Female Prisoners

Women and Equality – in the House of Commons at 10:30 am on 22nd February 2007.

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Photo of Julie Morgan Julie Morgan Labour, Cardiff North 10:30 am, 22nd February 2007

What recent discussions she has had with ministerial colleagues in the Home Office on reducing the number of women in prison.

Photo of Meg Munn Meg Munn Parliamentary Under-Secretary (Department for Communities and Local Government) (Women and Equality)

I will be speaking to Baroness Scotland next week to discuss women offenders and the female prison population.

Photo of Julie Morgan Julie Morgan Labour, Cardiff North

I thank the Minister for that reply. I am sure that she is aware that there is no women's prison in Wales, and that women offenders are placed outside Wales, with terrible consequences for them and their families, and especially their children. Would she support the development in south Wales of a centre like the Asha centre or the 218 programme, which address the punishment of women offenders for the crimes that they committed, but which also consider the factors related to women's offending, including domestic abuse, mental illness and drug and alcohol misuse?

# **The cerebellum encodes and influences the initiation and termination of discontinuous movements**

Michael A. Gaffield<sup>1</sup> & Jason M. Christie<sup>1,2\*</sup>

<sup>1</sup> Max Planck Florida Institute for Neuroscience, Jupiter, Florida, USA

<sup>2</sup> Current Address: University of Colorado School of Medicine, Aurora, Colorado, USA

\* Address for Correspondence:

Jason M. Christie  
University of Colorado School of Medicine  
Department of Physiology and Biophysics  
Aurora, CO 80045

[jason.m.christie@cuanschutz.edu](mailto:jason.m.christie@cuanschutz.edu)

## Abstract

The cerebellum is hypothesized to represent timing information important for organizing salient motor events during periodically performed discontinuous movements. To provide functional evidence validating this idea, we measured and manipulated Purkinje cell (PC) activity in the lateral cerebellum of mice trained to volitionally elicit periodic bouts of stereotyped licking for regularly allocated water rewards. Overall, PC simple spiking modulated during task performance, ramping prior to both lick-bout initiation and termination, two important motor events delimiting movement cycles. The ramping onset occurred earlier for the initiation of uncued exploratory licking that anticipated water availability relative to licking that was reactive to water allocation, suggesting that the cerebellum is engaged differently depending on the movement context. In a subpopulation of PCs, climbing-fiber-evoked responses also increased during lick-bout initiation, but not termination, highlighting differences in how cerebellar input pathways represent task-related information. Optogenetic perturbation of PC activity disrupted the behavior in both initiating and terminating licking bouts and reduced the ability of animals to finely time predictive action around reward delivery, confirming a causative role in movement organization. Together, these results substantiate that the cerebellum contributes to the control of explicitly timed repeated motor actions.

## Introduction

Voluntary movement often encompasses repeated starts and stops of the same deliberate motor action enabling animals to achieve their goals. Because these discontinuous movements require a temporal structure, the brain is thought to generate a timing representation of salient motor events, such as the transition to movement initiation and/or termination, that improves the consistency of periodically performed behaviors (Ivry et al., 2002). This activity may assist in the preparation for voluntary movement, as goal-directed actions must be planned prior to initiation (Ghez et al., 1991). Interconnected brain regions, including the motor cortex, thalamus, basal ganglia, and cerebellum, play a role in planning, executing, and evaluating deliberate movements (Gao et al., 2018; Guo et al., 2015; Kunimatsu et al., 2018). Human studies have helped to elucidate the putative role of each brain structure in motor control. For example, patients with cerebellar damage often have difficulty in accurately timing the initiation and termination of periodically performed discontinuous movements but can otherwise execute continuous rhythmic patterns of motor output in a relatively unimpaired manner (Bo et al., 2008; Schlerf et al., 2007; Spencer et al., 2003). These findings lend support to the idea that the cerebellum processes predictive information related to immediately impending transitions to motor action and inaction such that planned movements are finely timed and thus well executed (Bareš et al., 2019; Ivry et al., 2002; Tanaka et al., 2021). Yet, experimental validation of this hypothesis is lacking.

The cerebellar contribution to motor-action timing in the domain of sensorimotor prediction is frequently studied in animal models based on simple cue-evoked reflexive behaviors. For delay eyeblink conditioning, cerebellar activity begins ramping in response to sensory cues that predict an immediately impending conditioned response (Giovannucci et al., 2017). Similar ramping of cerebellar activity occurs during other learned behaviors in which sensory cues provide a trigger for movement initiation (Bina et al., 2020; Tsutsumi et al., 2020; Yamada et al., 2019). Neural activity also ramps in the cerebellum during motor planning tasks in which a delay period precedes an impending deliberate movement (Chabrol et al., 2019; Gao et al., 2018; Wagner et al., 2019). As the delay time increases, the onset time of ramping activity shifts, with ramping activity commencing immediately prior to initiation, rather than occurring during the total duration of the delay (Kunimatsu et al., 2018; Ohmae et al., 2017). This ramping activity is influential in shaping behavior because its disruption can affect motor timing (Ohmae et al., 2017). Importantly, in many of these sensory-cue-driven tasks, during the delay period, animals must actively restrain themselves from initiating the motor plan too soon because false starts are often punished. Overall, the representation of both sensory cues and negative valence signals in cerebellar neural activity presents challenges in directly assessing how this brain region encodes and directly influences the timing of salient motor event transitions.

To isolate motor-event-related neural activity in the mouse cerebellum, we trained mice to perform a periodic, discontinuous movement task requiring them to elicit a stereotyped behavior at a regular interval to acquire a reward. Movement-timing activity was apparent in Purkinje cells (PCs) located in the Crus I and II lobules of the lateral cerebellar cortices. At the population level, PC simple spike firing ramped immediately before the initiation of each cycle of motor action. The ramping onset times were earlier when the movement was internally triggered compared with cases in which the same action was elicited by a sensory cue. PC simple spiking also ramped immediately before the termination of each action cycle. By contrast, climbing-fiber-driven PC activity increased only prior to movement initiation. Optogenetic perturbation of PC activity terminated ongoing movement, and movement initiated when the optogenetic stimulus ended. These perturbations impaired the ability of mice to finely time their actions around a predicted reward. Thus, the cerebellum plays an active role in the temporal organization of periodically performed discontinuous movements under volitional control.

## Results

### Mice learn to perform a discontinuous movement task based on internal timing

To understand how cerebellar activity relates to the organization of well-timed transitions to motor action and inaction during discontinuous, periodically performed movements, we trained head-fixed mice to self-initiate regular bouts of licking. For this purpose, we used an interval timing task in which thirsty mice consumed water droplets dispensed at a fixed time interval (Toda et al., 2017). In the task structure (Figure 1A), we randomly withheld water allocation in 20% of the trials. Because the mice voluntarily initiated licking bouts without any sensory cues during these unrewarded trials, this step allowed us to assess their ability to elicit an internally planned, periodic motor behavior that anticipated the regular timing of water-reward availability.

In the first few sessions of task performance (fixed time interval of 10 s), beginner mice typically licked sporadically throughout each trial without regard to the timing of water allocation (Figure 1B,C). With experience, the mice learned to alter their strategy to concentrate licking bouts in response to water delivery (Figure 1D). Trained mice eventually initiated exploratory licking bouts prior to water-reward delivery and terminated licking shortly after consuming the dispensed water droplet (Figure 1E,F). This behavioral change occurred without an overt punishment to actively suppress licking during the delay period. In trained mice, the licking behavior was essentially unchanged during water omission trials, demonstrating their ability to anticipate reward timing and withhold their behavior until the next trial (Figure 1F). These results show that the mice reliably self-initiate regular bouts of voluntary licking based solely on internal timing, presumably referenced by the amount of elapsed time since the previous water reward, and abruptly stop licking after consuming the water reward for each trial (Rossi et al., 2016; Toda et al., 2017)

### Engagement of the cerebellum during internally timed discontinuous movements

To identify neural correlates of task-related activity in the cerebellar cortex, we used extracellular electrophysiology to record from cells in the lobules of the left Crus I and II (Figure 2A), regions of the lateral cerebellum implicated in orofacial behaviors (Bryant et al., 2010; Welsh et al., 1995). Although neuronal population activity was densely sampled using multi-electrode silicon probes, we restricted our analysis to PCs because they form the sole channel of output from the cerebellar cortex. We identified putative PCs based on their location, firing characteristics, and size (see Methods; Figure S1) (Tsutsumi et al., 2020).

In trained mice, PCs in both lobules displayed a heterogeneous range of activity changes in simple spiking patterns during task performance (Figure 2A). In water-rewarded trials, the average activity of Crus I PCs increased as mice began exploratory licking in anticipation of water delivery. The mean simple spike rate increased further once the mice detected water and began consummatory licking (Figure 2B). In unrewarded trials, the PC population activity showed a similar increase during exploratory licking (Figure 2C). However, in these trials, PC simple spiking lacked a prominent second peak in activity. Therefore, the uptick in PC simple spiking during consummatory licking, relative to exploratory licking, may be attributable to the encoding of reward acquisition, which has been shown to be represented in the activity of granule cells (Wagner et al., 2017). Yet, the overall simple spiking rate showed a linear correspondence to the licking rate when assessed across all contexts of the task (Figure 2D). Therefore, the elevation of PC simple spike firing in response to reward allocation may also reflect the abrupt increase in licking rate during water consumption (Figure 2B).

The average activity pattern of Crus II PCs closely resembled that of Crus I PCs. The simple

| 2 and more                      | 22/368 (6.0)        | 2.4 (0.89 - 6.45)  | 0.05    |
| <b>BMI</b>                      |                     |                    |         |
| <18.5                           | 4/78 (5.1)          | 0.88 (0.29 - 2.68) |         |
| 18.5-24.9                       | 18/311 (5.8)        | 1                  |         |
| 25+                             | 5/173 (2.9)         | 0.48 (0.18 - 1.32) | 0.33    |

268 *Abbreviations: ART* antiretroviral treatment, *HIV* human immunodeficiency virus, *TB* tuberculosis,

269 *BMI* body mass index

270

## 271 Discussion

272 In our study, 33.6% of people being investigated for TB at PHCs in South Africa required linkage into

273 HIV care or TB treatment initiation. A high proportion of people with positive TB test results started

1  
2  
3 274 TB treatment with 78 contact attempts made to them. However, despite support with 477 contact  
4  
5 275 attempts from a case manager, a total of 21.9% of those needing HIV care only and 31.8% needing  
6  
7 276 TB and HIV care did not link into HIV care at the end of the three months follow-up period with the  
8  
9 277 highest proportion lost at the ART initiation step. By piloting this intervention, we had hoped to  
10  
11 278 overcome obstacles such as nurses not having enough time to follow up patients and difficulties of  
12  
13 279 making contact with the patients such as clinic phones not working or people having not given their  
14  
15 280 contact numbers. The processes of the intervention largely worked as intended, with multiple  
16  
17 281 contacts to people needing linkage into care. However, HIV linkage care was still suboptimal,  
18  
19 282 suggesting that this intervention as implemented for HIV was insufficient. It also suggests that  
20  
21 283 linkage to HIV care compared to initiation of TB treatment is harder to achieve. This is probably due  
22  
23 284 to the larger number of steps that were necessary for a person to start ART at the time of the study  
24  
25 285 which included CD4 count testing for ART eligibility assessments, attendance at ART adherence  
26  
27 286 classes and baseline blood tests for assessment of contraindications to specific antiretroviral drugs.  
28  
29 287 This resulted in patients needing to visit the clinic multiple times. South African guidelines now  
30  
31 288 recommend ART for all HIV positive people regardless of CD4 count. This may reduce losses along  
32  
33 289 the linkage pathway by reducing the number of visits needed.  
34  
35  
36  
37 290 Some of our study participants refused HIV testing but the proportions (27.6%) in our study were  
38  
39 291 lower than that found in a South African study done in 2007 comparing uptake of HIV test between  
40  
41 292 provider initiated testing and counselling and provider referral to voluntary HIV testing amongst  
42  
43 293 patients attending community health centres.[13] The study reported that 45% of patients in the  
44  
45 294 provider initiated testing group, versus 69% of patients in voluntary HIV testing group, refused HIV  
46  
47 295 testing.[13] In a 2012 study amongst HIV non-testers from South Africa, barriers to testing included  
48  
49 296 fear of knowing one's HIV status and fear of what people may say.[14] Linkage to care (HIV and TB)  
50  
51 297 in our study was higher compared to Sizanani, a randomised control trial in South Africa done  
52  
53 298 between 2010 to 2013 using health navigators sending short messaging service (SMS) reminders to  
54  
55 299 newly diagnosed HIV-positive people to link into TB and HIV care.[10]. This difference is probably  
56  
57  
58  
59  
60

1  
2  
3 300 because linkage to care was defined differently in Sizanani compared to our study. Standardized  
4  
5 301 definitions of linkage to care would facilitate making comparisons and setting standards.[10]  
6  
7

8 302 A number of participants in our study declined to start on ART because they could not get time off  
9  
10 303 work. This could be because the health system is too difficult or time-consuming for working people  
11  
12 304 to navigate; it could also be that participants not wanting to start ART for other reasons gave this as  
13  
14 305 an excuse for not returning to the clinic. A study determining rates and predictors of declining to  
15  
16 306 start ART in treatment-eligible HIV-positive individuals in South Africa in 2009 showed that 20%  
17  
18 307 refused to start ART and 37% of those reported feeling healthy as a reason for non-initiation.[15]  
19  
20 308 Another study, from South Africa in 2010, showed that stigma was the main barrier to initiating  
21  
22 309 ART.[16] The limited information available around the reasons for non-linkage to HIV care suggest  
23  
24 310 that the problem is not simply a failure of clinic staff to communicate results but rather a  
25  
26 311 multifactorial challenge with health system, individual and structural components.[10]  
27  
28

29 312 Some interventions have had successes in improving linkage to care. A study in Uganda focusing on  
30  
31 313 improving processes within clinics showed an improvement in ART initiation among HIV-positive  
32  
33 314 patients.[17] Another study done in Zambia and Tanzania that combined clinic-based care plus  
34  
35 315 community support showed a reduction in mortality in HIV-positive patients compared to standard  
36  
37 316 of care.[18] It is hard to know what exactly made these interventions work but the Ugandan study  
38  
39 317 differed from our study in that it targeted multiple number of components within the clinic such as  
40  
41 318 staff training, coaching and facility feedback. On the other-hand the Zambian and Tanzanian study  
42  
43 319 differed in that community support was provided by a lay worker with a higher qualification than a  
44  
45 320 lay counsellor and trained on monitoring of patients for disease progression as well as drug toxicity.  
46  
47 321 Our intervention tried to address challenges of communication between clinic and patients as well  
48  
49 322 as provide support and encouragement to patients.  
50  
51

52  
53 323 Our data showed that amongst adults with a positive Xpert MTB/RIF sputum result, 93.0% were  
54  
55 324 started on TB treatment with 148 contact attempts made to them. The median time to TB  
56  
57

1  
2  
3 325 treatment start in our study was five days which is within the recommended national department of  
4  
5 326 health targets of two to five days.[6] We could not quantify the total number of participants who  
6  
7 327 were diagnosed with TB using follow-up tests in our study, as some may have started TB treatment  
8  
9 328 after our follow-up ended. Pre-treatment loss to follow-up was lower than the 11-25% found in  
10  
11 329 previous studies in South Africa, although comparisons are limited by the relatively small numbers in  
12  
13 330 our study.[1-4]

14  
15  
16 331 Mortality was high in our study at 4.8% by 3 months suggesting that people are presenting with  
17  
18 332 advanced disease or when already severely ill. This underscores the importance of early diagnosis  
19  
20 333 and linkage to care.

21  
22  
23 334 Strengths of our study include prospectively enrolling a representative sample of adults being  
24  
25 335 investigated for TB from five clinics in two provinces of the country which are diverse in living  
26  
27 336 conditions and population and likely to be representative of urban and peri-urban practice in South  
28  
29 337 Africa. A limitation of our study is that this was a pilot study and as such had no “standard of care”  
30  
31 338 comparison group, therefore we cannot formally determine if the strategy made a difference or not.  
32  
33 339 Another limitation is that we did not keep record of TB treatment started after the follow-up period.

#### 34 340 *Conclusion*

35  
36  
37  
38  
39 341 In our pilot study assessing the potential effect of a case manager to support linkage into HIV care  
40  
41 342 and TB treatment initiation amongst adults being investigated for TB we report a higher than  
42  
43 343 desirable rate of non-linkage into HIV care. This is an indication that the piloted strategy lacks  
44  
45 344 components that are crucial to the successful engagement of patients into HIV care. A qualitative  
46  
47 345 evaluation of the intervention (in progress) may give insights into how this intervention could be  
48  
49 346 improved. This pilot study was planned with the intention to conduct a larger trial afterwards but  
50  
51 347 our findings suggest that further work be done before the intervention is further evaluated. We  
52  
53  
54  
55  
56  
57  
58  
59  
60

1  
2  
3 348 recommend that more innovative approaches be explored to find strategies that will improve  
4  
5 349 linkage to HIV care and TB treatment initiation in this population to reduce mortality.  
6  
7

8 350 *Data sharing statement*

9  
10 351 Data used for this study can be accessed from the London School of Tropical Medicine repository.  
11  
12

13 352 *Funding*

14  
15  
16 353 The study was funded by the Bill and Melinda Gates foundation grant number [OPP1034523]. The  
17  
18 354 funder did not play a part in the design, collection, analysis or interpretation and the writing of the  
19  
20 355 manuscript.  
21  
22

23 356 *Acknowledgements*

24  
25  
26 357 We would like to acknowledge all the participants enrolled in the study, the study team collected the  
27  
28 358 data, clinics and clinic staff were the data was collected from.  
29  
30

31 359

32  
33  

Photo of Meg Munn Meg Munn Parliamentary Under-Secretary (Department for Communities and Local Government) (Women and Equality)

My hon. Friend raises an important point. Women tend to be imprisoned further from home than men because there are fewer women's prisons, and maintenance of important family links is therefore much more difficult. As she will be aware, Baroness Scotland announced in March last year that Baroness Corston had agreed to undertake a review of women in the criminal justice system with particular vulnerabilities. We are looking forward to the production of that report in the near future, when there will be an opportunity to address the issues that my hon. Friend raises, and many others.

Photo of Lorely Burt Lorely Burt Shadow Minister (Business, Innovation and Skills), Shadow Spokesperson (Business, Enterprise and Regulatory Reform)

Given that 70 per cent. of women in prison suffer from two or more mental disorders, and 37 per cent. of them attempted suicide before going to prison, will the Minister consider introducing a system of court diversion, whereby women are assessed for mental health treatment before they are sent to prison, and not afterwards, as exposure to the prison environment is likely to make their condition much worse?

Photo of Meg Munn Meg Munn Parliamentary Under-Secretary (Department for Communities and Local Government) (Women and Equality)

The hon. Lady again raises an important issue. We know that 55 per cent. of all self-harm incidents in prison are committed by women, even though they comprise only about 6 per cent. of the total prison population, and the fact that there are underlying mental health issues for many women in prison is enormously important. As I said, the review that Baroness Corston has undertaken has looked into a range of issues, and I look forward to having more detailed discussions on the subject when we have the findings of that review.